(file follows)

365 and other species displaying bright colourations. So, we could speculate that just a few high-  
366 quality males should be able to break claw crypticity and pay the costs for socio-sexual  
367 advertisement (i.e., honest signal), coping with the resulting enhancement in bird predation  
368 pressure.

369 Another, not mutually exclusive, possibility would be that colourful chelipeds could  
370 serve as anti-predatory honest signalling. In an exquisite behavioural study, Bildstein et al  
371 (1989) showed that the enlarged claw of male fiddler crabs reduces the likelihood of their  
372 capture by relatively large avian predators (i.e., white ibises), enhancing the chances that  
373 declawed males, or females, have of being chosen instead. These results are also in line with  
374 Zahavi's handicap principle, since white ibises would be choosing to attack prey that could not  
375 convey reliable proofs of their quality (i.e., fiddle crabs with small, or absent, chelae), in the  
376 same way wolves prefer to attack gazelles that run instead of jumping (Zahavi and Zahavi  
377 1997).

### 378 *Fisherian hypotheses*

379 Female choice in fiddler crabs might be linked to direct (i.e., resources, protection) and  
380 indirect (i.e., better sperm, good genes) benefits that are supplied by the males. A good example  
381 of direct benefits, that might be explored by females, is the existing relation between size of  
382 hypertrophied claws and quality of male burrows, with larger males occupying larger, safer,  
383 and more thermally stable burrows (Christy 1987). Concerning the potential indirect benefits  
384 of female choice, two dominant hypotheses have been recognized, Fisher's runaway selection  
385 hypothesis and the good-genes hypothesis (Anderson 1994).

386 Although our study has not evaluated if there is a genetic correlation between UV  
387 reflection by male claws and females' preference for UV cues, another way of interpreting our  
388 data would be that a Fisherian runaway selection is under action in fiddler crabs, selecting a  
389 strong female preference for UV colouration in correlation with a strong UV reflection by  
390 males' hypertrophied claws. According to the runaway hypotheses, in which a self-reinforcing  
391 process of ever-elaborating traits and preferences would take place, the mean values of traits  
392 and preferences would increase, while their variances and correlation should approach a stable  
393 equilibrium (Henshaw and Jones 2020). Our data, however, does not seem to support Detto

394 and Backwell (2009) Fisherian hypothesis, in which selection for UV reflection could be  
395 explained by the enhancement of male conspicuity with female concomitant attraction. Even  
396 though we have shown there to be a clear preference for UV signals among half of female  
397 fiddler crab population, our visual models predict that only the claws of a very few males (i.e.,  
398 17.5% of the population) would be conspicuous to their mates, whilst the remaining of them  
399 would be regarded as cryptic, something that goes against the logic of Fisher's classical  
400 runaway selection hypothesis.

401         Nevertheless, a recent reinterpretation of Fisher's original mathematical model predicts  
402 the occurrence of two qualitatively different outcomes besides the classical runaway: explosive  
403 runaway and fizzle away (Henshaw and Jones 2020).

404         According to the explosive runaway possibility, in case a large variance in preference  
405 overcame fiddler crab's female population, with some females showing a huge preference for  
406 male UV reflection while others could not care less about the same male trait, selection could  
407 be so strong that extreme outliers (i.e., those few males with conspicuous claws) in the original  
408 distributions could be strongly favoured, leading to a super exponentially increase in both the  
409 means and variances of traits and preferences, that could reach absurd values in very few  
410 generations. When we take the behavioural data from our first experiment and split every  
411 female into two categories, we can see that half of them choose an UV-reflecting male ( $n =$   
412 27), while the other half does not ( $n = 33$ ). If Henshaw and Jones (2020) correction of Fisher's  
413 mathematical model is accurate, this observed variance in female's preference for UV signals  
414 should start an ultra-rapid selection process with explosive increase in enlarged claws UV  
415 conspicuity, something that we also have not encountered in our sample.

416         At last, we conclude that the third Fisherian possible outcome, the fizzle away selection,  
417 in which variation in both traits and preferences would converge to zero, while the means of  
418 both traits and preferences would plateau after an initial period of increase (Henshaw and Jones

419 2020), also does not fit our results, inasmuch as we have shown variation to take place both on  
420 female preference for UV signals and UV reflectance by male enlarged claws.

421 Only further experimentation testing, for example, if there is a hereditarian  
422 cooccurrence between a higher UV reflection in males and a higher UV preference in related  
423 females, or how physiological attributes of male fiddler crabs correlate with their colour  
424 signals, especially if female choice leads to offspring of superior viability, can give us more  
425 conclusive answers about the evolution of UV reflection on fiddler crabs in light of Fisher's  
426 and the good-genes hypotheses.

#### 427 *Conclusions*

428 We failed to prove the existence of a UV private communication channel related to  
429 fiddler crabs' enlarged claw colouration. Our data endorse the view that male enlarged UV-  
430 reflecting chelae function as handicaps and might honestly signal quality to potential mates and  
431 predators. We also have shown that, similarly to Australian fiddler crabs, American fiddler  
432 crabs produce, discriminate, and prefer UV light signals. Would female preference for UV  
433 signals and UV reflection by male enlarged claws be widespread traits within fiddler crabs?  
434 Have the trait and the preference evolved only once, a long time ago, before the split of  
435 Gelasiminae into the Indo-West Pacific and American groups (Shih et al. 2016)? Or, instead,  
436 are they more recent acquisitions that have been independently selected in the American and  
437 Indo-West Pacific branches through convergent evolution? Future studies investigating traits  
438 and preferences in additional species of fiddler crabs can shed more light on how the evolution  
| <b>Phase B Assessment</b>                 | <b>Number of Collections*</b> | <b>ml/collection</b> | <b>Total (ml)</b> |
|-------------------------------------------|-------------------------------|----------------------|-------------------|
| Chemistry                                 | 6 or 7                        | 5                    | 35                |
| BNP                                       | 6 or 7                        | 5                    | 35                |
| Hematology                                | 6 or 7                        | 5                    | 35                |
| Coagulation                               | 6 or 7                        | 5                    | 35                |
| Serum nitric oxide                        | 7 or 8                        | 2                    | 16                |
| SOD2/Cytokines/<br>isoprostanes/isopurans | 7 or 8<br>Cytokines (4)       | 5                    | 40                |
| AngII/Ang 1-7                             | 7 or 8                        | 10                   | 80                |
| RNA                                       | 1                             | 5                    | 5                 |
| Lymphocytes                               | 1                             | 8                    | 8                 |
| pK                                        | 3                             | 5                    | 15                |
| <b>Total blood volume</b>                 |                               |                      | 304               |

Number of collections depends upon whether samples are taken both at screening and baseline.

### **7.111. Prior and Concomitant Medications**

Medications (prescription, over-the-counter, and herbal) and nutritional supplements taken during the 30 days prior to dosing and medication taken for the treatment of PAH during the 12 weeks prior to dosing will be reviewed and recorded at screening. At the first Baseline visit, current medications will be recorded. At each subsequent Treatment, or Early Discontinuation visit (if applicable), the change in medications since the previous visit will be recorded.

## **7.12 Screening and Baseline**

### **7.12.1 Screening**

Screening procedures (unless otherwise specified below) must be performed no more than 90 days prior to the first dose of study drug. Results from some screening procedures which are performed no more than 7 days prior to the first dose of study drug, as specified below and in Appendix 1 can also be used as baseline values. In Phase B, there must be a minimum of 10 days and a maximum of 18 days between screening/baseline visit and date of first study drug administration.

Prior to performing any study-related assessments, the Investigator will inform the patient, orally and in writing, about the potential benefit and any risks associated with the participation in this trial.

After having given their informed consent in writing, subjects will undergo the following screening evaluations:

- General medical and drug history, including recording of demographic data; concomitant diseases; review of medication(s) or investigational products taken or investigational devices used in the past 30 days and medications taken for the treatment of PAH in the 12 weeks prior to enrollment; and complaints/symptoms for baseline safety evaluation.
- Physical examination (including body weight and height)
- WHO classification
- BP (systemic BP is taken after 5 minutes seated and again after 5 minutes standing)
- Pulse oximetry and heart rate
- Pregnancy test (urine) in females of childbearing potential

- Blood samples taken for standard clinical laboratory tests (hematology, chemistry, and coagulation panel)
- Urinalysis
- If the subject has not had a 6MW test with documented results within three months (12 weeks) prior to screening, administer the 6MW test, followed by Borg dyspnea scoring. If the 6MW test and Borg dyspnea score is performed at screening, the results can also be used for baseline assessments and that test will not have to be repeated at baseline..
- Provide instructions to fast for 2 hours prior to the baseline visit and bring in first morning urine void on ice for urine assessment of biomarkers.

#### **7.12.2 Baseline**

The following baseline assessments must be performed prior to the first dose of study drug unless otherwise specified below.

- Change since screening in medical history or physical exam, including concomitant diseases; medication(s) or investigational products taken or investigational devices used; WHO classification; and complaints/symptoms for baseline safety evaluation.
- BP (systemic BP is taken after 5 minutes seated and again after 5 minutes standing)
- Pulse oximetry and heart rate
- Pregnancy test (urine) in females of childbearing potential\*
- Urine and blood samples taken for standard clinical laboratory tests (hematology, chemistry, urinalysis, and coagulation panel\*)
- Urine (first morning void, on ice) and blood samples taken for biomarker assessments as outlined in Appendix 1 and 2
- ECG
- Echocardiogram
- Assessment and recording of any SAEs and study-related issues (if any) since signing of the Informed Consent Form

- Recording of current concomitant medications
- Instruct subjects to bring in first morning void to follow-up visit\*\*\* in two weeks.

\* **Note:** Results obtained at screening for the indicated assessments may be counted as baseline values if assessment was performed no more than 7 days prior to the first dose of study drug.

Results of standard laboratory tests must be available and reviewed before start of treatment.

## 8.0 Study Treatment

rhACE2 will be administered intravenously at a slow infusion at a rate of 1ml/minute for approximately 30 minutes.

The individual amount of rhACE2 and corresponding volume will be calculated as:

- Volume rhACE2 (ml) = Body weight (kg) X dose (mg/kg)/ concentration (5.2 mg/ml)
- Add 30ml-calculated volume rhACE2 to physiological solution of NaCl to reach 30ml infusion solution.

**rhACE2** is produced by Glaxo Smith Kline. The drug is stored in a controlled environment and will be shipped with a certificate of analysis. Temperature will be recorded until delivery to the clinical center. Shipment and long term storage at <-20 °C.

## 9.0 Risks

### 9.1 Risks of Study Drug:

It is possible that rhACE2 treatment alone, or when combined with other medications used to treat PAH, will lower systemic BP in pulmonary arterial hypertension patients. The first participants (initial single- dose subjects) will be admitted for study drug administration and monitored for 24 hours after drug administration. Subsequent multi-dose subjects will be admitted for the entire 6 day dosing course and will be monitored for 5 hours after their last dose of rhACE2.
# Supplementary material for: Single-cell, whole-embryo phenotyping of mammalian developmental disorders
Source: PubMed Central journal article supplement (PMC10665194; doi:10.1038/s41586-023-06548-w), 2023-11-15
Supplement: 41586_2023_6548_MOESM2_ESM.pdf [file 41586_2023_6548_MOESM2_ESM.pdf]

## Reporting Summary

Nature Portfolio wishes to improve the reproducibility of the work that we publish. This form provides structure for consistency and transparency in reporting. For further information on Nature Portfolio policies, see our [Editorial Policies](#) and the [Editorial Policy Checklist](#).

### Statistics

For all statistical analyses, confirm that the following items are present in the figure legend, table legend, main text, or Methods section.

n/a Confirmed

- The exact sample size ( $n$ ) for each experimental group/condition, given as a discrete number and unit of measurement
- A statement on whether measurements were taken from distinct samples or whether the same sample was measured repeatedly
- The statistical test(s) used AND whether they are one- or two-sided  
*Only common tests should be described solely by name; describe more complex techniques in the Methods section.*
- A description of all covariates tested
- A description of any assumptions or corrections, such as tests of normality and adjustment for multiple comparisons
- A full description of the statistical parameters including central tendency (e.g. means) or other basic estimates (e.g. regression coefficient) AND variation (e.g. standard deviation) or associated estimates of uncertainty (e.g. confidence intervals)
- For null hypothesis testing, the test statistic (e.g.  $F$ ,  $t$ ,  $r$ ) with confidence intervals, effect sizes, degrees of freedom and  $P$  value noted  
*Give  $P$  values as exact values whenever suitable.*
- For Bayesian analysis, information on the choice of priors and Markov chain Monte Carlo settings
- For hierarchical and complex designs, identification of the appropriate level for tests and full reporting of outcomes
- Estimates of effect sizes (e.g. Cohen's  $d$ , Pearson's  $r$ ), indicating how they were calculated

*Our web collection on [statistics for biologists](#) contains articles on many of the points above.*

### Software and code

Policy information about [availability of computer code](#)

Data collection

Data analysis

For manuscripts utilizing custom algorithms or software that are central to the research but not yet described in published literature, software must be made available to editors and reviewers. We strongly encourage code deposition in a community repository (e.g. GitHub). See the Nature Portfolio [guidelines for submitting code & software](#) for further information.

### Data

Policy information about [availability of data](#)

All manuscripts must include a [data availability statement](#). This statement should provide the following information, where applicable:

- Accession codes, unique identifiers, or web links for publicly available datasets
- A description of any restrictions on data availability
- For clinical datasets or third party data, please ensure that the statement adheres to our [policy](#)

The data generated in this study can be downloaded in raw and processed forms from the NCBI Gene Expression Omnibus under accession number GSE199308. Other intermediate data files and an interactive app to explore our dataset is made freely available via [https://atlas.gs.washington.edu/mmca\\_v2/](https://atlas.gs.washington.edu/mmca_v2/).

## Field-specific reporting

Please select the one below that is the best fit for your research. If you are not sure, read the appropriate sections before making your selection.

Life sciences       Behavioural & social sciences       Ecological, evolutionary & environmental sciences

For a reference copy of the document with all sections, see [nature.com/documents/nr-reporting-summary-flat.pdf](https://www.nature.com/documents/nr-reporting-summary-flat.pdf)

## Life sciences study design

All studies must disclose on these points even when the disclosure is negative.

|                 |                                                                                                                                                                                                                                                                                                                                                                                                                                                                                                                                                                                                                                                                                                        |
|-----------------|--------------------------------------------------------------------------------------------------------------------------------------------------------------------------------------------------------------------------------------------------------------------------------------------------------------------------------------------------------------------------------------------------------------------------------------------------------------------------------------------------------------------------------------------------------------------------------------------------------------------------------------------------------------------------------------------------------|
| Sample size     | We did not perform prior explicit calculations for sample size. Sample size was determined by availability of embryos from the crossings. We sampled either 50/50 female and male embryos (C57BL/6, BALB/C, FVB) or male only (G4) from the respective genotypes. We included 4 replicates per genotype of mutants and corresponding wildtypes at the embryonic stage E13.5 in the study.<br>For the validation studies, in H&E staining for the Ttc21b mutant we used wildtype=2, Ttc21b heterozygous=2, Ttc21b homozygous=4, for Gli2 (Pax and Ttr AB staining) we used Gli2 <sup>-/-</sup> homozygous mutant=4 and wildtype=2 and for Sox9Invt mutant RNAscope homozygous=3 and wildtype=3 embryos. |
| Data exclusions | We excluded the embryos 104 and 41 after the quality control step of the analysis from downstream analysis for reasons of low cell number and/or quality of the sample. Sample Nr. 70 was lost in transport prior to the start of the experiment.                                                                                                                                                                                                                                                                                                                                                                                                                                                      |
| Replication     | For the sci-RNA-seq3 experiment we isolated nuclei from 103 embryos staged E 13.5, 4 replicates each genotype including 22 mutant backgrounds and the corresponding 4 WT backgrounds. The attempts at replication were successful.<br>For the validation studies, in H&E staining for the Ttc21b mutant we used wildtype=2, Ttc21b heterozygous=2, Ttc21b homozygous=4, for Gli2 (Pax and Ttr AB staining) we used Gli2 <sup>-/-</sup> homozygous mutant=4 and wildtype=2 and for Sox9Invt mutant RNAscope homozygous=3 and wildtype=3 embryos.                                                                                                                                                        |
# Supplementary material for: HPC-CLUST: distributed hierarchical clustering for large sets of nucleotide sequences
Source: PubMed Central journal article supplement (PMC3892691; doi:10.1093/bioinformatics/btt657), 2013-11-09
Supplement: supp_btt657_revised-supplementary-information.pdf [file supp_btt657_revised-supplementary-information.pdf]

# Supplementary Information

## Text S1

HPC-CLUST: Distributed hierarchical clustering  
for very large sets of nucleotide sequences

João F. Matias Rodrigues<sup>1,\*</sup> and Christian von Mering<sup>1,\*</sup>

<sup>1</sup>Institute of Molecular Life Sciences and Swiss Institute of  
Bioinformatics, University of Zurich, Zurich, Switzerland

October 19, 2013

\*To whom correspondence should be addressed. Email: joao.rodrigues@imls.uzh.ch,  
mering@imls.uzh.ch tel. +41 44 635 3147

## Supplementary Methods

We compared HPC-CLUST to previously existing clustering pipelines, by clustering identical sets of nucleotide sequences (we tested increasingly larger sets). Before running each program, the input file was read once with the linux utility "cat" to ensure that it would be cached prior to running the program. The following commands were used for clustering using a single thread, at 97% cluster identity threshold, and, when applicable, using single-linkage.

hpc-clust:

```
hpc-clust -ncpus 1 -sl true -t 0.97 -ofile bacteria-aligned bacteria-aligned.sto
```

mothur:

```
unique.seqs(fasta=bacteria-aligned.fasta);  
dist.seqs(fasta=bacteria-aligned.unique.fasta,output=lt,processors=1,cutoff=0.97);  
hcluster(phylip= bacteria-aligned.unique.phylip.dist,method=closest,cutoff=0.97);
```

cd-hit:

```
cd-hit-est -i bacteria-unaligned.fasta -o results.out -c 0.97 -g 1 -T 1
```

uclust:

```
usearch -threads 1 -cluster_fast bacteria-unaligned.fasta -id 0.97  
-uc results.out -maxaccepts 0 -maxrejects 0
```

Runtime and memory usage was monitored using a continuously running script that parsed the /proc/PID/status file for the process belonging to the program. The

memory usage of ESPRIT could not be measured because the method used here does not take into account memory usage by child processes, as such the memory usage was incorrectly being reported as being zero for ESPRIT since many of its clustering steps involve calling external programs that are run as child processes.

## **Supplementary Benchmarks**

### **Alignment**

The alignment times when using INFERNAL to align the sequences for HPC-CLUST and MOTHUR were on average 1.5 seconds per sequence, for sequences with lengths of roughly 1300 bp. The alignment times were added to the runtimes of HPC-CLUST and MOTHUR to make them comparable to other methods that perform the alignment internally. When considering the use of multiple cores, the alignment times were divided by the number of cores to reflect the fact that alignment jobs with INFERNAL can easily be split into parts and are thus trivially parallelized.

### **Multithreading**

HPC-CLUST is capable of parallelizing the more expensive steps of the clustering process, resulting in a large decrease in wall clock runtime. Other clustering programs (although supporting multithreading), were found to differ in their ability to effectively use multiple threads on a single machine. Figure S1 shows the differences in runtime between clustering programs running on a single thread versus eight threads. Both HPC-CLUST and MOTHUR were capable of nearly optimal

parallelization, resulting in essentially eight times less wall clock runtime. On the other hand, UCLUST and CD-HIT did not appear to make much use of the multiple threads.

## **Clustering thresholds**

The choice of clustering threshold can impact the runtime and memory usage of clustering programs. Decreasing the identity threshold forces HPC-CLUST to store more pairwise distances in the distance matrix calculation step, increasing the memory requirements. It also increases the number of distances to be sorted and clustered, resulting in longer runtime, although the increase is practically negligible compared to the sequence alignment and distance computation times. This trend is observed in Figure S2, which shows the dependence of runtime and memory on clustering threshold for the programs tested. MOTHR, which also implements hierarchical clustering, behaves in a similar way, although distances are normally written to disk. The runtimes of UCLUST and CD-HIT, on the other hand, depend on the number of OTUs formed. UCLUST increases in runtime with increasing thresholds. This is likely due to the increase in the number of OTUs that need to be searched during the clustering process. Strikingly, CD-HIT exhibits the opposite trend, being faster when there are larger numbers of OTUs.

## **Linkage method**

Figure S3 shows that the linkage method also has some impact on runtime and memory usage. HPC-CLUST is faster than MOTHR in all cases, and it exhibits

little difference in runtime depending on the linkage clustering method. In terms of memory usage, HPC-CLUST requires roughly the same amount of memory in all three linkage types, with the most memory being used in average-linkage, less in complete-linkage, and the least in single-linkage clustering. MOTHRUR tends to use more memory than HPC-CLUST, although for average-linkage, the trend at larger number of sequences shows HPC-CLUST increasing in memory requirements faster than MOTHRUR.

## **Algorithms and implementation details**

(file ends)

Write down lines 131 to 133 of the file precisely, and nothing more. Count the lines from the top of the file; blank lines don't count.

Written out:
Source: PubMed Central journal article supplement (PMC10665194; doi:10.1038/s41586-023-06548-w), 2023-11-15
Supplement: 41586_2023_6548_MOESM2_ESM.pdf [file 41586_2023_6548_MOESM2_ESM.pdf]

## Reporting Summary